Miley Cyrus: Daddy’s little hurl

Scandal surrounding underage female sexuality swirls, and fathers are way too involved.

Topics: Broadsheet, Love and Sex,

I’ve been home sick for part of this week, and I’ll admit to logging some couch time with my favorite daily tabloid of choice, the dastardly New York Post.

And that’s how, even in my lozenge-soothed stupor, I learned of this week’s major celebrity scandal: the purportedly jaw-dropping Annie Leibovitz photos of partially unclothed 15-year-old “Hannah Montana” star Miley Cyrus in the upcoming issue of Vanity Fair.

I looked at the pictures of her in the weird back-baring stole thing. I agreed with my colleague Sarah Hepola that you generally see more skin at prom, and that this smacks of the kind of “Outrage!” often voiced by those who cheerfully participate in questionable pop-culture habits — like consuming teen sexuality as served up by every television network, magazine, record company and movie studio — until the moment at which a large national spotlight is shone on them. Then they scream “Eek!” and start preaching about values.

Sure, Cyrus is being sexualized, and I guess it’s all kind of gross. But come on — in a world in which we market push-up bras (and “Cheetah Girls“!) to preadolescents and ‘tweens, in which Vanity Fair throws naked or lingerie-encased women on its covers whenever possible — are we really so appalled by the sight of a less-clad-than-usual 15-year-old who has already been packaged, marketed and unrelentingly sold, sold and sold to America’s daughters?

This is but one of the problems with how we treat developing female sexuality in this country: With every Barbie, every Abercrombie & Fitch catalog, every music video and every new style of miniskirt and tube top made in junior sizes and worn on “Hannah Montana,” we send the message to young girls that their job and their worth as young women will depend on their ability to look and act sexy, preferably while mouthing words they don’t yet understand about virginity and purity. Then, when they get to an age at which they might exhibit feelings or behaviors related to actual sex, we castigate and censor them.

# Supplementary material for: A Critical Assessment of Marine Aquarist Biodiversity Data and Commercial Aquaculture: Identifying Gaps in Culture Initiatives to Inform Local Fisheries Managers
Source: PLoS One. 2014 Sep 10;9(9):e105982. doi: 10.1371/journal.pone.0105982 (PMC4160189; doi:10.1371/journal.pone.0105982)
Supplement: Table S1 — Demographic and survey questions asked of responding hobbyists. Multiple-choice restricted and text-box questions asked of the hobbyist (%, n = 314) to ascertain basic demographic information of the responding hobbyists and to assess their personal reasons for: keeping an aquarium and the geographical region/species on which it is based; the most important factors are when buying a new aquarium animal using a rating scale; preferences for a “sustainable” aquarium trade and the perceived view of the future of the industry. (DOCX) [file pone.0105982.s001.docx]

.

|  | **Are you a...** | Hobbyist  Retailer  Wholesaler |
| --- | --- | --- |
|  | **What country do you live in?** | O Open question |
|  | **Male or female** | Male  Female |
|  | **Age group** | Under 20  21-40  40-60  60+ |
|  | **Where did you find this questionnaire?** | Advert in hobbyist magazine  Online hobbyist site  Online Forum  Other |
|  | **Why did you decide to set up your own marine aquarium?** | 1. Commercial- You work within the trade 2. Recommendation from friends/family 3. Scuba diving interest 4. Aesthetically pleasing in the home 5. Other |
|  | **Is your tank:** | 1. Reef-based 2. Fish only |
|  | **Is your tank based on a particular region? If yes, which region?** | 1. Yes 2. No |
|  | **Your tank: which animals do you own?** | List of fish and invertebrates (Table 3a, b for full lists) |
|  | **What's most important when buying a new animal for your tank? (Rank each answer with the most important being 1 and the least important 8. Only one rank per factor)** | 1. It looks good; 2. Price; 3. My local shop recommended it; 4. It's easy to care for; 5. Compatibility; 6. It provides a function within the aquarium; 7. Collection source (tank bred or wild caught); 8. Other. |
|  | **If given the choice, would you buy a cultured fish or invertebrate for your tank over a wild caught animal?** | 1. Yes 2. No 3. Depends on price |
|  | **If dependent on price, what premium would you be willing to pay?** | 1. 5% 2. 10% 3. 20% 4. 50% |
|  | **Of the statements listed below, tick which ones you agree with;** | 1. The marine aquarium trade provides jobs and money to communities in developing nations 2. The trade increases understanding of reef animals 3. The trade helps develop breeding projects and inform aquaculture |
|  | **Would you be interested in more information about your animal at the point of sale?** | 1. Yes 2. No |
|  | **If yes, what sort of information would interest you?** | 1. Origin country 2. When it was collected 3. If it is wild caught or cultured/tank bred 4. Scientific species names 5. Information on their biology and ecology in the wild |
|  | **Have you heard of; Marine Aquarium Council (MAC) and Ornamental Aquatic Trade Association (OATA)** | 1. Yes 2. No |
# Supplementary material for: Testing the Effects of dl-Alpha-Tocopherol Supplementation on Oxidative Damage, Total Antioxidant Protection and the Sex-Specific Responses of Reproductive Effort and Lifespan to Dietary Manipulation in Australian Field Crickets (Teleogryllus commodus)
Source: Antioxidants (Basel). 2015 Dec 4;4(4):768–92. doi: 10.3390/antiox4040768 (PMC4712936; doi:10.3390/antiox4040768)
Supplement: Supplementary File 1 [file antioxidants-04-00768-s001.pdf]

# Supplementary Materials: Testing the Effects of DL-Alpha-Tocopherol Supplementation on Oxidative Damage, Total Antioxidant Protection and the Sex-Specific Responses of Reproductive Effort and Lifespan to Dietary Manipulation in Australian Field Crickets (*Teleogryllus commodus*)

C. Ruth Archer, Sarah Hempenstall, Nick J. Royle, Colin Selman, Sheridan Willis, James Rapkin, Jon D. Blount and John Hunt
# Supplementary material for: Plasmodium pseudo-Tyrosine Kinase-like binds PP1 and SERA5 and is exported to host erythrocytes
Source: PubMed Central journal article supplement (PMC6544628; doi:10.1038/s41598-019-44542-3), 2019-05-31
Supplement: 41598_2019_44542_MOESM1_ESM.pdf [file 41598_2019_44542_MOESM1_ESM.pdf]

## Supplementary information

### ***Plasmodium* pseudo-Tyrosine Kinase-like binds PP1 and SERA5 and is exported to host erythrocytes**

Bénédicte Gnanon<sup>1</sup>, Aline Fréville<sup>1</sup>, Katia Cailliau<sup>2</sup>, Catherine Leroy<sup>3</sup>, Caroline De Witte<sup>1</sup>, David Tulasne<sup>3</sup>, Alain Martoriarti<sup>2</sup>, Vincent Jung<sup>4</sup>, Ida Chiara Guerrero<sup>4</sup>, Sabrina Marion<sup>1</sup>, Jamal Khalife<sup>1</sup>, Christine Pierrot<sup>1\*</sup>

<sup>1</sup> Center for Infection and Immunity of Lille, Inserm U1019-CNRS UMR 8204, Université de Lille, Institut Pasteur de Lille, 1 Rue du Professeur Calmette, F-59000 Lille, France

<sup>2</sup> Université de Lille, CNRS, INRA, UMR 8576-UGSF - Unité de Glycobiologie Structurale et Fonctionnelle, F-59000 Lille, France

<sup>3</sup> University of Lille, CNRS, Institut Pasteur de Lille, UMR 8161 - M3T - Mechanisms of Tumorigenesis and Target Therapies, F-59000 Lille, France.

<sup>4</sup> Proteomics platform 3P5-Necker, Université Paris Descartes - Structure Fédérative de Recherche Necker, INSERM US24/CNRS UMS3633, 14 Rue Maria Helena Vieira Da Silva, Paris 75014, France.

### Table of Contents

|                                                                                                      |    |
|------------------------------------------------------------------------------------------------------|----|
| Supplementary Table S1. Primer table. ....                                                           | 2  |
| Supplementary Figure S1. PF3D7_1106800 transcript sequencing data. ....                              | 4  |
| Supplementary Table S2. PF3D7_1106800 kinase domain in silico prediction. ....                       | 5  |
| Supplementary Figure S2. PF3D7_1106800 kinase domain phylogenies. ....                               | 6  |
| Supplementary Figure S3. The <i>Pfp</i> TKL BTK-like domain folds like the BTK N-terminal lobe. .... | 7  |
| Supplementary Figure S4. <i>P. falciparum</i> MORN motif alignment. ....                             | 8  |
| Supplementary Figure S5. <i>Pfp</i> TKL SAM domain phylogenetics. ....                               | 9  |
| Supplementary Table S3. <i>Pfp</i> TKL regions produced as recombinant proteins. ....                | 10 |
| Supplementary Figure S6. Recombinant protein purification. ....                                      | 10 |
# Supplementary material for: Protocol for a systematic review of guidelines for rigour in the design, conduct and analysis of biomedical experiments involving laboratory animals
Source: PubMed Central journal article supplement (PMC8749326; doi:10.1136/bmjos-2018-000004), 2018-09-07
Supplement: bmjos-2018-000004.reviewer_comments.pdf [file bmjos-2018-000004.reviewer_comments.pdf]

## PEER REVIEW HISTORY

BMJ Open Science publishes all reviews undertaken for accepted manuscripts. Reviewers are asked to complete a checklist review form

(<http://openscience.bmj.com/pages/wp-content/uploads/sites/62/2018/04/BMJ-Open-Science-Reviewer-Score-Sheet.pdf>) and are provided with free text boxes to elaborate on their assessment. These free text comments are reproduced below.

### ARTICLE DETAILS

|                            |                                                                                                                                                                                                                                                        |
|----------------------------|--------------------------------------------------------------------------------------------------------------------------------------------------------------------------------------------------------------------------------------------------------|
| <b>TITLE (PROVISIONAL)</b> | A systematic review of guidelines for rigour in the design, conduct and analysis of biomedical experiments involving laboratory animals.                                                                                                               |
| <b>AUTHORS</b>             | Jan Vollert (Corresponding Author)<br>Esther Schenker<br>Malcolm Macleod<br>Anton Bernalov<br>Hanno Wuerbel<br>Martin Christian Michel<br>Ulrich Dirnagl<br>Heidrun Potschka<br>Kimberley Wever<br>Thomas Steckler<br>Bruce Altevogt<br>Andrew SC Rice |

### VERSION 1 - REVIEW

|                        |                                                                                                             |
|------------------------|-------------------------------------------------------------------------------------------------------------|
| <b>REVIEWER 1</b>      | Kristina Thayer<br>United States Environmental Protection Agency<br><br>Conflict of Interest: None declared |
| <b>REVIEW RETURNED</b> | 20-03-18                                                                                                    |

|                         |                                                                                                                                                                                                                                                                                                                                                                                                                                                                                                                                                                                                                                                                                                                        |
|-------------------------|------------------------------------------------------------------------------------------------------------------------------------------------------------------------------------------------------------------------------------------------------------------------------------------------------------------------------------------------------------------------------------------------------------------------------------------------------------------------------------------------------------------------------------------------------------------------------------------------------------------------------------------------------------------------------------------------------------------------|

It’s undoubtedly a deeply troubling and twisted cycle of hypocrisy and mixed messages, one that is worth examining, but not via faux puritanical outrage over a stole-wrapped teenager, especially when that teenager is owned and operated by a corporation currently selling racy underwear to children in China.

But what is mystifying to me about the whole mess: Why the outcry over the nude-back photo and very little uproar over the truly upsetting shot of Cyrus with her daddy, Billy Ray? To me this image, in which daughter slumps on father’s lap, his hand holding hers, her nearly exposed hip jutting out just next to his arm, is far more suggestive than the tousled backless image, which at least leaves open the possibility that this young woman might be trying out her sexual agency on her own, not playing it up to enhance her father’s masculinity. Yech. The image, in fact, is shiveringly reminiscent of less artsy-fartsy recent photos of Miley acting foolish with her boyfriend.

But the still image of Miley and Billy Ray has nothing on the very much more creepy behind-the-scenes video of the photo shoot, currently available on Vanity Fair’s Web site. In it, the Cyruses — père et fille — are shown posing together, his hand resting on her inner thigh as he nuzzles her forehead and she gazes up at him adoringly. The camera skims up her legs as her dad simultaneously throws his arm around her protectively and does his best Le Tigre for Leibovitz’s camera, which is, after all, resuscitating his career at the same time it frames and captures his offspring’s blossoming allure. Talk about boosting your own credentials on the body (literally) of your daughter.

And it’s not just this Cyrus thing.

How about these stomach-turning images of Hulk Hogan caressing his bikini-clad daughter Brooke?